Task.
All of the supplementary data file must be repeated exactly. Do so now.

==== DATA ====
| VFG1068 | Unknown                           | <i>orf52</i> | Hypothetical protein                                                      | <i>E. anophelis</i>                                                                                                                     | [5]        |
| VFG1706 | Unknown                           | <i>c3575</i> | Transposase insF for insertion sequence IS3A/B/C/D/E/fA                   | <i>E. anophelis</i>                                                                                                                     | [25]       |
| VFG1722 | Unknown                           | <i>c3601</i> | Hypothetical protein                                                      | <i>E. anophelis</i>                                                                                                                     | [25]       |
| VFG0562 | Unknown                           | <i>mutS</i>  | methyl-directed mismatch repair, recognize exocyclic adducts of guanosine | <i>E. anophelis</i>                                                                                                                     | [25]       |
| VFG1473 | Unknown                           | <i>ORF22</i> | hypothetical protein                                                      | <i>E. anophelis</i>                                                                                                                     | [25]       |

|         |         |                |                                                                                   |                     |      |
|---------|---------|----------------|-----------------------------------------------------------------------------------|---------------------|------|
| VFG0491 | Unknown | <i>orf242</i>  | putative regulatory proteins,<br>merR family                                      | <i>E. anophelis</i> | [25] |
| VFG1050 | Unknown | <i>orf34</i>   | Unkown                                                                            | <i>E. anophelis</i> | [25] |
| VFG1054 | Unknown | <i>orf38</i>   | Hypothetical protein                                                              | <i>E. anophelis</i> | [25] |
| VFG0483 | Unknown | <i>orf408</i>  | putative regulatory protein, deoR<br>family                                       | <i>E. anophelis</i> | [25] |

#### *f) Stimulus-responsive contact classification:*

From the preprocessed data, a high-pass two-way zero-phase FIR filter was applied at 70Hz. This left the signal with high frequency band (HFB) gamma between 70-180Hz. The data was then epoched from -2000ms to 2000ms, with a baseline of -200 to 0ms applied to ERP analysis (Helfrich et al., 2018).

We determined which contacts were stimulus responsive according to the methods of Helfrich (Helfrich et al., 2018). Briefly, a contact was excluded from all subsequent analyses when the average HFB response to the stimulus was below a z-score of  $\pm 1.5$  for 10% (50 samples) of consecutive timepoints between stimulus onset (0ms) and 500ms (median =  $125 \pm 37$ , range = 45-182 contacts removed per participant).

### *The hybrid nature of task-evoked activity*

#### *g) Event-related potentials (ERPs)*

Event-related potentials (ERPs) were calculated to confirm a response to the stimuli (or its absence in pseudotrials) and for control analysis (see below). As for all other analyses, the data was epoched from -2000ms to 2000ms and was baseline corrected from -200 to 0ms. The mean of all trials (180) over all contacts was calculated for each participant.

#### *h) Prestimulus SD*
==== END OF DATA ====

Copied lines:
| VFG1068 | Unknown                           | <i>orf52</i> | Hypothetical protein                                                      | <i>E. anophelis</i>                                                                                                                     | [5]        |
| VFG1706 | Unknown                           | <i>c3575</i> | Transposase insF for insertion sequence IS3A/B/C/D/E/fA                   | <i>E. anophelis</i>                                                                                                                     | [25]       |
| VFG1722 | Unknown                           | <i>c3601</i> | Hypothetical protein                                                      | <i>E. anophelis</i>                                                                                                                     | [25]       |
| VFG0562 | Unknown                           | <i>mutS</i>  | methyl-directed mismatch repair, recognize exocyclic adducts of guanosine | <i>E. anophelis</i>                                                                                                                     | [25]       |
| VFG1473 | Unknown                           | <i>ORF22</i> | hypothetical protein                                                      | <i>E. anophelis</i>                                                                                                                     | [25]       |

|         |         |                |                                                                                   |                     |      |
|---------|---------|----------------|-----------------------------------------------------------------------------------|---------------------|------|
| VFG0491 | Unknown | <i>orf242</i>  | putative regulatory proteins,<br>merR family                                      | <i>E. anophelis</i> | [25] |
| VFG1050 | Unknown | <i>orf34</i>   | Unkown                                                                            | <i>E. anophelis</i> | [25] |
| VFG1054 | Unknown | <i>orf38</i>   | Hypothetical protein                                                              | <i>E. anophelis</i> | [25] |
| VFG0483 | Unknown | <i>orf408</i>  | putative regulatory protein, deoR<br>family                                       | <i>E. anophelis</i> | [25] |

#### *f) Stimulus-responsive contact classification:*

From the preprocessed data, a high-pass two-way zero-phase FIR filter was applied at 70Hz. This left the signal with high frequency band (HFB) gamma between 70-180Hz. The data was then epoched from -2000ms to 2000ms, with a baseline of -200 to 0ms applied to ERP analysis (Helfrich et al., 2018).

We determined which contacts were stimulus responsive according to the methods of Helfrich (Helfrich et al., 2018). Briefly, a contact was excluded from all subsequent analyses when the average HFB response to the stimulus was below a z-score of  $\pm 1.5$  for 10% (50 samples) of consecutive timepoints between stimulus onset (0ms) and 500ms (median =  $125 \pm 37$ , range = 45-182 contacts removed per participant).

### *The hybrid nature of task-evoked activity*

#### *g) Event-related potentials (ERPs)*

Event-related potentials (ERPs) were calculated to confirm a response to the stimuli (or its absence in pseudotrials) and for control analysis (see below). As for all other analyses, the data was epoched from -2000ms to 2000ms and was baseline corrected from -200 to 0ms. The mean of all trials (180) over all contacts was calculated for each participant.

#### *h) Prestimulus SD*